Distance: A half-mile creek-walk to the last of the waterfalls.
There are no well-defined trails. Viewing the roadside falls is easily done from the top of Woodmancy Road. Getting down to the creek bed below is a different story, due to the recent landslide. There are newly built rock retaining walls that provide for a way to scramble down, but it should be done with extreme care.
Once in the ravine, creek walking down some slippery shale will reward you with a much better environment than that closest to the road. There are numerous cascades that you’ll have to carefully scale down to reach the top of the main waterfall. About a quarter of a mile from the road, you will reach the crest of the 65 foot Fellows Falls, which you won’t be able to see to well. To get a decent view, cross the creek and walk to the right where you will see an opening in the woods and a rough game trail. If you carefully follow the wooded ridge that descends to the right of the gorge, you will be rewarded with brief peeks at the falls through the woods. Continue the descent on the ridge and eventually you will reach an area where you can get to the bottom of the ravine and walk right to the base of the falls. To view the final waterfall, continue downstream a short distance and walk on the hill to the right of the gorge. This will take you to the bottom of the fourth waterfall.
View Fellows Falls in a larger map
During the last ice age, the edge of a giant glacier stood at Tully Valley and had built up an enormous end moraine about 600 feet high across the valley. As the torrents of melt water flowed south, they spread quantities of gravel and sand that now make up much of the valley floor. It is the most extensive area of glacial outwash in Central New York. The ravines above the floor of the valley have gradually eroded, forming steep gorges that make up the numerous waterfalls in the area, consisting of both Tully Limestone and shale. Just south of the moraine and Fellows Falls, lie the Tully Lakes, pothole and kettle lakes formed from enormous melt-waterfalls and chunks of ice from the receding glacier.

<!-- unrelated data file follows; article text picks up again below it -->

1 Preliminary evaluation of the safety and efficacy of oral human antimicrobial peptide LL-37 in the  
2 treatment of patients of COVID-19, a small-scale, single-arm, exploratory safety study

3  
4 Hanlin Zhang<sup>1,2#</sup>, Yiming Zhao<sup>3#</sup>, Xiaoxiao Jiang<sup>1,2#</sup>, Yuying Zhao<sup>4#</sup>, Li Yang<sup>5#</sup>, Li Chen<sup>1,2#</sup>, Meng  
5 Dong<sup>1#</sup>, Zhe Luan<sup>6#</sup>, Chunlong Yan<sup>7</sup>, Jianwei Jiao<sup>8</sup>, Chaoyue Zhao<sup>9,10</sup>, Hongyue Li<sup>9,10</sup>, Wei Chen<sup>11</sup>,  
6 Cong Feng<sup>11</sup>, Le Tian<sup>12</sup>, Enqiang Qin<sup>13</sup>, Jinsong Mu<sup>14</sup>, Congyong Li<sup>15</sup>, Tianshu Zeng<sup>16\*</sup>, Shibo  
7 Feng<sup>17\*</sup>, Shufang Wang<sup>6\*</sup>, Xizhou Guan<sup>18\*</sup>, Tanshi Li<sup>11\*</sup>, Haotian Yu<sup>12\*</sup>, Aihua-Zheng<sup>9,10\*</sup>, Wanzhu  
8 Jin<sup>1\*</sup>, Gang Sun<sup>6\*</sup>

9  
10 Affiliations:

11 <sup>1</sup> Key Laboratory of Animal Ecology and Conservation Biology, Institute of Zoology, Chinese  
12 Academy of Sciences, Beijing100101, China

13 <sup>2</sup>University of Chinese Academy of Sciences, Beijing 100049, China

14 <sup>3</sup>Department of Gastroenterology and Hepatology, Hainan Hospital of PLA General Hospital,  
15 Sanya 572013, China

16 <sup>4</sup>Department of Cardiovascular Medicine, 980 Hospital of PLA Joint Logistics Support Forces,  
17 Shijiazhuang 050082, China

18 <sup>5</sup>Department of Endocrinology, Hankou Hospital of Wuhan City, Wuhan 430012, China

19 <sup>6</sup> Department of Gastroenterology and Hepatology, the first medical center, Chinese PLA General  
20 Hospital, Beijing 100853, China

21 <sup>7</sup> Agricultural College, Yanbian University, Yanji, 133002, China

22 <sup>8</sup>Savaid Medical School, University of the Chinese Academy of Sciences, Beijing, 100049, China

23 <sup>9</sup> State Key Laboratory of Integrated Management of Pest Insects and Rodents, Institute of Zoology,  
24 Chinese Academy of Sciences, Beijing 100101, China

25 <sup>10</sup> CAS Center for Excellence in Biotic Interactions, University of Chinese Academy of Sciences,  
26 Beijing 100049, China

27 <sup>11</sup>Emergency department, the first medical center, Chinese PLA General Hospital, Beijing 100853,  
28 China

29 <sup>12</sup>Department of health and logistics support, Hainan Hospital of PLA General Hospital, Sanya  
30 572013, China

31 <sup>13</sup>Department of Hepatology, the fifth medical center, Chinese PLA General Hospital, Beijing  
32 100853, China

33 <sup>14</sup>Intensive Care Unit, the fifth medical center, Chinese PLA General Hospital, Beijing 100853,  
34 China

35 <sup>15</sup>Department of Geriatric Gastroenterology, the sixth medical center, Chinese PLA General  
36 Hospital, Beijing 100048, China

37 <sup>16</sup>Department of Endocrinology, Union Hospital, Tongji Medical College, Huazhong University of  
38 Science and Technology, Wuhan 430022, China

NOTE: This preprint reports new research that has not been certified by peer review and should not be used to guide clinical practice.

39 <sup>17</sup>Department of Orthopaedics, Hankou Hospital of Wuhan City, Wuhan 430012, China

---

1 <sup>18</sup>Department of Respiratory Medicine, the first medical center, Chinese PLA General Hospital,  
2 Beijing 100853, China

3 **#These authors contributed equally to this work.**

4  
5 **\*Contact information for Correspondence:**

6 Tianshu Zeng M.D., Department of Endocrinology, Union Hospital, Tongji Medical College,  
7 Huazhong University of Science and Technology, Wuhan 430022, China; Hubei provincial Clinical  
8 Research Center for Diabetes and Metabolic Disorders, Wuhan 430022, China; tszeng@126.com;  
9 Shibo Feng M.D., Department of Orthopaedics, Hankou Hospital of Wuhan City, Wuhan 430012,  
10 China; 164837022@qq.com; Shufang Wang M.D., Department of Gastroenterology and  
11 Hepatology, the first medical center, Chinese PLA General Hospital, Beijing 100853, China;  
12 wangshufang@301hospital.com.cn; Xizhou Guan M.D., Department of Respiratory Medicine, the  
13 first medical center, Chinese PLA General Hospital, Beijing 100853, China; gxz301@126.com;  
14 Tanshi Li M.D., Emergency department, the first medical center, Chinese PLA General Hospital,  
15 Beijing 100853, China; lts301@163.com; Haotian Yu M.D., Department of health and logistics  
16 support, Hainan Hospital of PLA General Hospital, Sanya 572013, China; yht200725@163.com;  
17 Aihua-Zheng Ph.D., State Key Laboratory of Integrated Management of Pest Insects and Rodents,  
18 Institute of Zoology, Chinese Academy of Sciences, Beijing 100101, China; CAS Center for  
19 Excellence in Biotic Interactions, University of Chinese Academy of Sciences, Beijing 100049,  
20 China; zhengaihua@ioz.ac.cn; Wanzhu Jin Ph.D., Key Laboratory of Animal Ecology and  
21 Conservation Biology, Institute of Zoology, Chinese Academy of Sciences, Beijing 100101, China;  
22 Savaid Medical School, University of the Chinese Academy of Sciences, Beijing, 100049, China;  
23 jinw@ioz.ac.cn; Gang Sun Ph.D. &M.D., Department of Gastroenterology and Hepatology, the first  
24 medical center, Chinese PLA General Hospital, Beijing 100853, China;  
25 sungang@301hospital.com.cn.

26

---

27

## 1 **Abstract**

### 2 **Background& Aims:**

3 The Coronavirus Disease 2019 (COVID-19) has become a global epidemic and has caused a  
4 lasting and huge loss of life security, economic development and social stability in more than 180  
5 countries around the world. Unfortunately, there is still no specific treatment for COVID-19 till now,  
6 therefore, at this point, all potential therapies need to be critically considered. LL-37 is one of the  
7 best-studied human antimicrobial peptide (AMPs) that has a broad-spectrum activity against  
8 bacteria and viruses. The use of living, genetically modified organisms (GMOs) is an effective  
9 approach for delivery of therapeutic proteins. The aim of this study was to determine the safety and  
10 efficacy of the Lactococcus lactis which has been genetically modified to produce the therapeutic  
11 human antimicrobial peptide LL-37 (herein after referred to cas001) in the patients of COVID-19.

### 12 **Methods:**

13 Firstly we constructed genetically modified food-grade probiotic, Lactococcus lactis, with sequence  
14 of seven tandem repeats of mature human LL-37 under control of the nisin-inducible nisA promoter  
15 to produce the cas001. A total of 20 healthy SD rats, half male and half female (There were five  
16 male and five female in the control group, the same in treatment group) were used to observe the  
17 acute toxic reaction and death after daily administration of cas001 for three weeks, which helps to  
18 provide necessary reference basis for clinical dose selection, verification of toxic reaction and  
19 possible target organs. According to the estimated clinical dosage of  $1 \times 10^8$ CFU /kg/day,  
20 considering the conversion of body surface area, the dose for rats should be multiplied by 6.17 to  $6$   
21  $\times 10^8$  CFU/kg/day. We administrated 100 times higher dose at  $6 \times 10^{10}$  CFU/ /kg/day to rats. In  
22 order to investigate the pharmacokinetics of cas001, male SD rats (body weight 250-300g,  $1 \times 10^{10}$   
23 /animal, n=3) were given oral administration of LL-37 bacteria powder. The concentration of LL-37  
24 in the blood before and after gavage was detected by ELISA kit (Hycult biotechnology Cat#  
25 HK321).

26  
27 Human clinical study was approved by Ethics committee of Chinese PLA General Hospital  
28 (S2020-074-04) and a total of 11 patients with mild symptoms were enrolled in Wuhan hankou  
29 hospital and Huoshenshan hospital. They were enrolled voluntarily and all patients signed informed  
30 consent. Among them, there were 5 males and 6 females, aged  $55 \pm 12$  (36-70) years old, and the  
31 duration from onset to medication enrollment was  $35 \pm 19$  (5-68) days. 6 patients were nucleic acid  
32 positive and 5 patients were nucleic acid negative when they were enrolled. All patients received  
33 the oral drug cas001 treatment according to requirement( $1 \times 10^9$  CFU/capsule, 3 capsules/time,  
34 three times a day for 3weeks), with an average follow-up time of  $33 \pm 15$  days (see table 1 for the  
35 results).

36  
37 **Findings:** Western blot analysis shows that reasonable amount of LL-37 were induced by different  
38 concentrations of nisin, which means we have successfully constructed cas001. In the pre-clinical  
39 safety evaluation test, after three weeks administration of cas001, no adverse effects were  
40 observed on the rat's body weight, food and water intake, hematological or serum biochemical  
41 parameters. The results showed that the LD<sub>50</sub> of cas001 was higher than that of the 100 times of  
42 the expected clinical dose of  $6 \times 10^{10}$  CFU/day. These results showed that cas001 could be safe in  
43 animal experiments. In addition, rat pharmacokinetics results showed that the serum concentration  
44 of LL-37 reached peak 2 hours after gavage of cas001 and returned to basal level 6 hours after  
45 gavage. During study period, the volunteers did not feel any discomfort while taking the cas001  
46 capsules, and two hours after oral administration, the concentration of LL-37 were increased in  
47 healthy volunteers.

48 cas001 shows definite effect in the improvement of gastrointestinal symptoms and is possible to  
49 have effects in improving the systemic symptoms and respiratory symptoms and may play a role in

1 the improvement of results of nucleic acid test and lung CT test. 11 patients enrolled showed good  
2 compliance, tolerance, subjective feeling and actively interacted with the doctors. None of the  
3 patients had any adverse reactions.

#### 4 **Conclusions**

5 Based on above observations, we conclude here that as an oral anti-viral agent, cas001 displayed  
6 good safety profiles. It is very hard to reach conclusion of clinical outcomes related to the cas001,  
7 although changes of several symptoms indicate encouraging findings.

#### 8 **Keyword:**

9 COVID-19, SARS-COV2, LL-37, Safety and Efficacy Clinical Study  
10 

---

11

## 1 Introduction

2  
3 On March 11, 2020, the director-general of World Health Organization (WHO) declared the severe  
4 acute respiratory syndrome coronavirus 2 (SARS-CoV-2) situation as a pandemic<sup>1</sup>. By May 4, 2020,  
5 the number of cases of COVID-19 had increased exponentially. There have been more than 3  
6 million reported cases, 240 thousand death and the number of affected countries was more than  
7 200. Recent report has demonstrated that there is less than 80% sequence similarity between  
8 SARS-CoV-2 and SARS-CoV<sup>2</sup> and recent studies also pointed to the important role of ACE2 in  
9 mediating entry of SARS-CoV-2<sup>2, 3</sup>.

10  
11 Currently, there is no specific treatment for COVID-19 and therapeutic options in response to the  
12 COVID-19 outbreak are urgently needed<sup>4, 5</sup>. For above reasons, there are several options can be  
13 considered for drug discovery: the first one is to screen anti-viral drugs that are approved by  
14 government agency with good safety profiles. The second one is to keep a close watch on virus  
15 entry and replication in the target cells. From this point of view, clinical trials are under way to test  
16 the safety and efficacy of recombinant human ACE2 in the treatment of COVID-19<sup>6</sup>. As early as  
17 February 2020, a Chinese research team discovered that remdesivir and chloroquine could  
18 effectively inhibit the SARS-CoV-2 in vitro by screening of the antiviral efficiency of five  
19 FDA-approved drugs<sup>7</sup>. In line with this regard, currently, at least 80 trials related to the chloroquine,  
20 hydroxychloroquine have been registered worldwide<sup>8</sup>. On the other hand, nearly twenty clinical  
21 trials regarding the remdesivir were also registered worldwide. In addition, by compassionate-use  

The area around Onondaga Creek in Tully has always been known for its salt deposits. Native American and early settlers to the region were aware of salt wells at the south end of where Fellows Falls lies. About 380 million years ago, the area below Fellows Falls contained a shallow sea, which condensed to form salt mineral. This area was historically favored for excellent salt deposits. It wasn’t until 1889 that the Solvay Process Company began mining the salt (1300 feet below the surface). Mining continued until the mid-1980’s. The wells were plugged in the late 1990’s when the DEC became concerned about seepage into streams and ground water. For more information about the pollution of the Onondaga watershed, read this.
The area has recently been known for landslides that dropped portions of the clay-based hillsides down into the valley, the biggest being in 1993. This area, as well as the whole Onondaga Creek watershed, are often disturbed by farm run off, gravel mining, and denuding of the hillside for housing developments.
Glacial pool lakes
Green Lake Beach is located to the south and is an excellent location to view kettle lakes, formed by melting chunks of glacial ice as well as lakes formed by the plunge pools of massive waterfalls that streamed down the melting glacier.
Capturing the falls
Silky water effect
Photography / Writing
Contributor / Maps